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The first time you visit Iceland you are inevitably drawn to the popular destinations of Reykjavik, the Blue Lagoon and the Golden Triangle. But those attracted by the scenery, culture, history and wildlife of this endlessly fascinating island will want to travel further afield, and a summer trip to the West Fjords provides great scope for adventure.
Three hours drive north of Reykjavik you reach the colourful harbour town of Stykkisholmur, a good spot for a walk and overnight stay before taking the ferry across Brei∂afjor∂ur. Bird watchers and history buffs will want to disembark halfway and stay overnight on the historic island of Flatey - breeding ground for thousands of birds, and site of one of the oldest libraries in Europe. You can leave your car on the ferry and collect it next day from the dockside in the Westfjords. The ferry terminal is little more than a pier and café, but from here you head west along the south coast (route 62) crossing the first of many mountain passes to reach Patreksfjordur.
The south side of this lovely fjord provides many surprises: on a good day, azure sea, golden sand dunes, historic ships and a local museum and teahouse.
In good weather drive to the bird cliffs at Latraberg along 612. This route provides your first taste of Icelandic backroads: remote tracks through the wilderness, winding, unpaved, narrow and unfenced – they demand care and respect. The 400m high cliffs form the westernmost point of Europe and are thronged with a multitude of birdlife – the highlight for most visitors probably being the thousands of puffins. Nesting remarkably close to the cliff edge path you don’t need expensive camera gear to get memorable photos. On the way back, if you have time, make a detour on 614 to Rau∂asandur – Red Sand Bay. The road descent is really scary, but the views and a lovely café serving cream and jam waffles make it all worthwhile. You’ll probably overnight at Patreksfjordur, although the remote hotel at Brei∂avik is an interesting alternative.
The next day’s journey north is a real adventure. If travelling early in the season, you’ll head up into the mountains on Route 63 until this meets with R60, travelling on rough roads and driving amid the snowfields and melt rivers.
Each mountain pass brings a new view and you travel through a succession of small, remote and very attractive fishing villages.
You may decide to have a swim in a geothermal pool (Reykjarfjor∂ur), visit a botanic garden (Skru∂ur), a museum (Hrafnseyri) or take a walk to a summit amongst the fields of blue lupins (try the Sandafell track). One way or another you will eventually arrive at Dynjandi, neither the tallest nor the biggest waterfall in Iceland, but surely the most beautiful, and one that deserves a halt and a walk. A final excitement is the trip through the long single-track tunnels that link Flateyri with Isafjor∂ur.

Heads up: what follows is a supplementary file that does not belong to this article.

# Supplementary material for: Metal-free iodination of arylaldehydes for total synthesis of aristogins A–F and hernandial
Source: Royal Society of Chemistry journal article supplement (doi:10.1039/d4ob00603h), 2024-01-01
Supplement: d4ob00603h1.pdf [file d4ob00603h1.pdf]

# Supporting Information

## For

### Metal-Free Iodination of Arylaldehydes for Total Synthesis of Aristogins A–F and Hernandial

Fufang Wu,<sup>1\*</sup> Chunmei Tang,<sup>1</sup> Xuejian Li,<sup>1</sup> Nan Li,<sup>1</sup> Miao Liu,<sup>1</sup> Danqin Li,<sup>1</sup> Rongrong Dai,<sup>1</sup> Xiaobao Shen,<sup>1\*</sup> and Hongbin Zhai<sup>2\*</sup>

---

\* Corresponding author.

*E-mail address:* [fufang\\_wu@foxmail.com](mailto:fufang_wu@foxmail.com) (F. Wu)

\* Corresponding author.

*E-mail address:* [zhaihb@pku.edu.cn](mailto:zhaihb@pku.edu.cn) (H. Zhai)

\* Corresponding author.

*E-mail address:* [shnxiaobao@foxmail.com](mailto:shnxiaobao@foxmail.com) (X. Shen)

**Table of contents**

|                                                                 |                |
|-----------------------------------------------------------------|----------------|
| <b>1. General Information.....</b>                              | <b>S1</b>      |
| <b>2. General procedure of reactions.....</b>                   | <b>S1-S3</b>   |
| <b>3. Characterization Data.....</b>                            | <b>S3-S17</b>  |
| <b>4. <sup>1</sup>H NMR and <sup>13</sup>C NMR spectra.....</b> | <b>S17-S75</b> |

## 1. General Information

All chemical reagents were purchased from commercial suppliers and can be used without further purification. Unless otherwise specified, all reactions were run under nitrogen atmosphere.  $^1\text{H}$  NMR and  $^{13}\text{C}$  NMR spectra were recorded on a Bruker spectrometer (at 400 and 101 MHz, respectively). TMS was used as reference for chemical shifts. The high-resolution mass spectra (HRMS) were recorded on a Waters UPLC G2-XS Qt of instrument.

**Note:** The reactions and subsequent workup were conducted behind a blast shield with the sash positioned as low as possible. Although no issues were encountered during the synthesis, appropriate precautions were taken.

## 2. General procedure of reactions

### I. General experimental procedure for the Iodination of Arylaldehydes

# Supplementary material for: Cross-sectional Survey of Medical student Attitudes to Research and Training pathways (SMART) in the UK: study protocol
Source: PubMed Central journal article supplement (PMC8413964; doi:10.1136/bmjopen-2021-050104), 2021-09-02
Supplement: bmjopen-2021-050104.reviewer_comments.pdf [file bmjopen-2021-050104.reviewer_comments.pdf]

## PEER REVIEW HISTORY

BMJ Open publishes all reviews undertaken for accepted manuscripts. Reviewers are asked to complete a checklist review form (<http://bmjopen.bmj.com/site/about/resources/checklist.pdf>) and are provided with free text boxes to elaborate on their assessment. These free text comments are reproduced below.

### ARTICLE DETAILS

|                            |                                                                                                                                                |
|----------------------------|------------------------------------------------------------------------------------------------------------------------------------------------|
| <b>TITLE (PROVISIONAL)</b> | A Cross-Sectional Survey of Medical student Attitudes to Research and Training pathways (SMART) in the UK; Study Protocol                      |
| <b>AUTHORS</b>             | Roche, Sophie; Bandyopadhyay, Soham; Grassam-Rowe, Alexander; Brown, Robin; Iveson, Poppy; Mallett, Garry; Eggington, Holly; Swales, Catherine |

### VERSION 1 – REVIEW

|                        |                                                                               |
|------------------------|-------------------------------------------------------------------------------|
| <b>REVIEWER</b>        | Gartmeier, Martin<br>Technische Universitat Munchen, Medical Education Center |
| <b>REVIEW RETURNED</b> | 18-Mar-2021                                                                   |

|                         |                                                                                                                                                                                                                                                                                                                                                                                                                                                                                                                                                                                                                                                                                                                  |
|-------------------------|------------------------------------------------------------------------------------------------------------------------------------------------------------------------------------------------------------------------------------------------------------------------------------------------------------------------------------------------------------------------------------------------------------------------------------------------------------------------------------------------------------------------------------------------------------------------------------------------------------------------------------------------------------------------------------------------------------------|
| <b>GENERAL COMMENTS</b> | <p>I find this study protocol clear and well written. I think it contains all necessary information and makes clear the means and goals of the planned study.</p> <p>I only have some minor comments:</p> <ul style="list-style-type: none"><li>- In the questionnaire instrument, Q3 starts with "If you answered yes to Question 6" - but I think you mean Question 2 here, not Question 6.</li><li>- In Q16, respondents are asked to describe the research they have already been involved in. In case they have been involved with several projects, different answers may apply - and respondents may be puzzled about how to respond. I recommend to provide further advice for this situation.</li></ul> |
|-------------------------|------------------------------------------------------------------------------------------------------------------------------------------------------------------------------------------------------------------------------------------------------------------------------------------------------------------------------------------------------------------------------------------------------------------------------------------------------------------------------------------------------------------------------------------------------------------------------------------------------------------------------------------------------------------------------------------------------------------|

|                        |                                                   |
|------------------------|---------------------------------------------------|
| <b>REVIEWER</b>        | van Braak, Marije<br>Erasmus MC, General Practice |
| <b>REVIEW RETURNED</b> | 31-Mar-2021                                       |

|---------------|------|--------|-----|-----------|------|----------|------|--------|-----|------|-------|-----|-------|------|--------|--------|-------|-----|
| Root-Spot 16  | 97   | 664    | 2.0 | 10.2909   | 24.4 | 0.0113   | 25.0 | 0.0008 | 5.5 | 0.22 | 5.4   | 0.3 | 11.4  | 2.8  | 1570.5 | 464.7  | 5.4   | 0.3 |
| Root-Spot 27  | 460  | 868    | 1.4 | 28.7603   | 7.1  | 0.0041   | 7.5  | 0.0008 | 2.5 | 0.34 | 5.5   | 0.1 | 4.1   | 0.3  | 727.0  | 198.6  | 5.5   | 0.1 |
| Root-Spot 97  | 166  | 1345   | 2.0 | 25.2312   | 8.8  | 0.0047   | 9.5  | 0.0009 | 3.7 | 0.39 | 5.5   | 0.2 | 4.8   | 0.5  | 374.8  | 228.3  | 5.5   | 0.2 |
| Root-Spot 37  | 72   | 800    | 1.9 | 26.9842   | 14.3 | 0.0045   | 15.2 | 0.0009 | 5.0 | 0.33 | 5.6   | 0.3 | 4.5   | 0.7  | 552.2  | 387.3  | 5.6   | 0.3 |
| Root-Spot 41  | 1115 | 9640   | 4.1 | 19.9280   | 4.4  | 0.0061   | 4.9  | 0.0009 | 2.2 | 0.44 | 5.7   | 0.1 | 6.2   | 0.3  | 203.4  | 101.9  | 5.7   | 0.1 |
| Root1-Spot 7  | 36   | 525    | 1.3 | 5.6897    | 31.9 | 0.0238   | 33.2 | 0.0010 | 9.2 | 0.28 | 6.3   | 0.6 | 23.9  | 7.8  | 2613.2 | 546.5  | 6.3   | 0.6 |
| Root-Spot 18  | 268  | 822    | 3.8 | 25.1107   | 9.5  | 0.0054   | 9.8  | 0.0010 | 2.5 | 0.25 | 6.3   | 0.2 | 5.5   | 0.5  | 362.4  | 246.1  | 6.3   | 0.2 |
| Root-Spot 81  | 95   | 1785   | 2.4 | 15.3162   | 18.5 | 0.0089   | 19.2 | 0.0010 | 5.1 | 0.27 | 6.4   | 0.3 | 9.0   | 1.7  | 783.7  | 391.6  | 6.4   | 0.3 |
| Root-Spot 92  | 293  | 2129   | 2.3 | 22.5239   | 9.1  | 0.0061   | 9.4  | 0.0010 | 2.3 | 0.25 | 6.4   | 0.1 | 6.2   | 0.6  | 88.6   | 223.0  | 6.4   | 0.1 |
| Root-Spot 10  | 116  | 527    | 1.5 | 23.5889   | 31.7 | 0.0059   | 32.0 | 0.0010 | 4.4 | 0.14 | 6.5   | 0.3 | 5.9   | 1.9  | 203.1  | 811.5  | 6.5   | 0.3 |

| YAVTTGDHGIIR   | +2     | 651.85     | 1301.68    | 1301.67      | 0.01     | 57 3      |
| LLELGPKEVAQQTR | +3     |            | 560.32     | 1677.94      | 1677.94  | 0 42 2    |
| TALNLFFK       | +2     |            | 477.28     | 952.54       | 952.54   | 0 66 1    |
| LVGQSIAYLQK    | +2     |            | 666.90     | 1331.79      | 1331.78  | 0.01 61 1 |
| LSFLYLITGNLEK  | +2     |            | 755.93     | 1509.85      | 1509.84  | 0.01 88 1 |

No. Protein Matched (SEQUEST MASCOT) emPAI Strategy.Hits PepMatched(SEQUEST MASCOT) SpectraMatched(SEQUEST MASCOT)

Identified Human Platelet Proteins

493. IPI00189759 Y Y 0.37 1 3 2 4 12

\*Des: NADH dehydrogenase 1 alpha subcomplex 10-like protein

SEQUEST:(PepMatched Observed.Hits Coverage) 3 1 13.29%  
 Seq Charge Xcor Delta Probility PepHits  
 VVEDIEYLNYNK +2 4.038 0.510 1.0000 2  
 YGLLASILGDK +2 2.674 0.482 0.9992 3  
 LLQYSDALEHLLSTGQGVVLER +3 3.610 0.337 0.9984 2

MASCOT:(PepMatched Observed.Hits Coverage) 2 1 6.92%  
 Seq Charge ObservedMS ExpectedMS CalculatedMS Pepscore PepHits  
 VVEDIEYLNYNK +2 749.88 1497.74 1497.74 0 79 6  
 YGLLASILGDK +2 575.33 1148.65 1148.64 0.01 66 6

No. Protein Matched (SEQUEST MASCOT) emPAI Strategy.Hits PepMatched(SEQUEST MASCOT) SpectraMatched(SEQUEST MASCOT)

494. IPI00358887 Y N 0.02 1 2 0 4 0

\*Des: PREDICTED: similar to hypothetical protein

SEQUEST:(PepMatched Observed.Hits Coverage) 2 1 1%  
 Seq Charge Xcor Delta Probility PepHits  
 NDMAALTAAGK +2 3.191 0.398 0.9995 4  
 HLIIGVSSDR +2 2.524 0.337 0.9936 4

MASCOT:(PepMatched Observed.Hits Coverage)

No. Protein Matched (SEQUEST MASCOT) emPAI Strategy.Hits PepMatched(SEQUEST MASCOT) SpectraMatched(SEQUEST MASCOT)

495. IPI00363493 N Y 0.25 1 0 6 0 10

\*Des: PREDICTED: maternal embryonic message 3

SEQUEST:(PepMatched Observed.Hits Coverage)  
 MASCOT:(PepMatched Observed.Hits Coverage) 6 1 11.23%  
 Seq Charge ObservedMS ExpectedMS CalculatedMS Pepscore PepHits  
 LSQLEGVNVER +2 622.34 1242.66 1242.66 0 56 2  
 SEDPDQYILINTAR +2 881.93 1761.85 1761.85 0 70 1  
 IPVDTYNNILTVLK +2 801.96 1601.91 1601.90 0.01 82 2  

Isafjor∂ur is the main town for the West Fjords with several hotels, good restaurants, an excellent museum and shops that cater for both the independent traveller and the many cruise ships that arrive in summer. There are lots of walks in the area and it is worth giving yourself a couple of days to see as much as possible. The very hardy can take a boat across to the uninhabited wilderness area of Hornstrandir. From Isafjor∂ur you can continue around the north coast on route 61, or take a commuter flight back to Reykjavik from the airport perched on the edge of the Fjord.
- Iceland is a truly a country where you get ‘four seasons in a day’. Rohan waterproof lined trousers such as Dry Pioneer or Dry Requisite mean that you can visit sights and take walks regardless of wind or rain, and are really worthwhile close to the spray of waterfalls.
- You never want to have an accident, but if the worst happens have the Iceland 112 App on your phone. This App allows you to tell the rescue services your plans and, cellphone reception permitting, send your location to a rescue centre if disaster strikes.
- You don’t need a 4WD car on the Westfjord roads, but 4WD is reassuring if road conditions are poor, or you plan to park on the roadsides, which often have soft surfaces. Hardy souls will travel by bike, but this requires considerable endurance as the mountain passes are high, journeys between habitation long, and the weather may be evil. Public transport is limited.
- Good walking pamphlets can be bought at tourist information offices, but be aware that the routes are just suggestions; they may or may not be waymarked, while snow or spate can make them impassable.
'Not so good'
In Iceland you cannot guarantee good weather. In June 2014 we visited the Westfjords and barely saw anything other than cloud above 100m. Add to this gale force winds, torrential rain and low temperatures and it was not for everyone. Contrast this with 2015 where the sunshine was almost unbroken the entire trip, and you realise you just have to prepare for and accept whatever the climate has to offer.
Hard to choose, but eating a picnic lunch on a knoll in the snowfields high above Isafjordur while admiring the panoramic view was pretty special.
There’s no such thing as bad weather, only unsuitable clothing. Rohan is your constant companion for every journey, whatever the journey.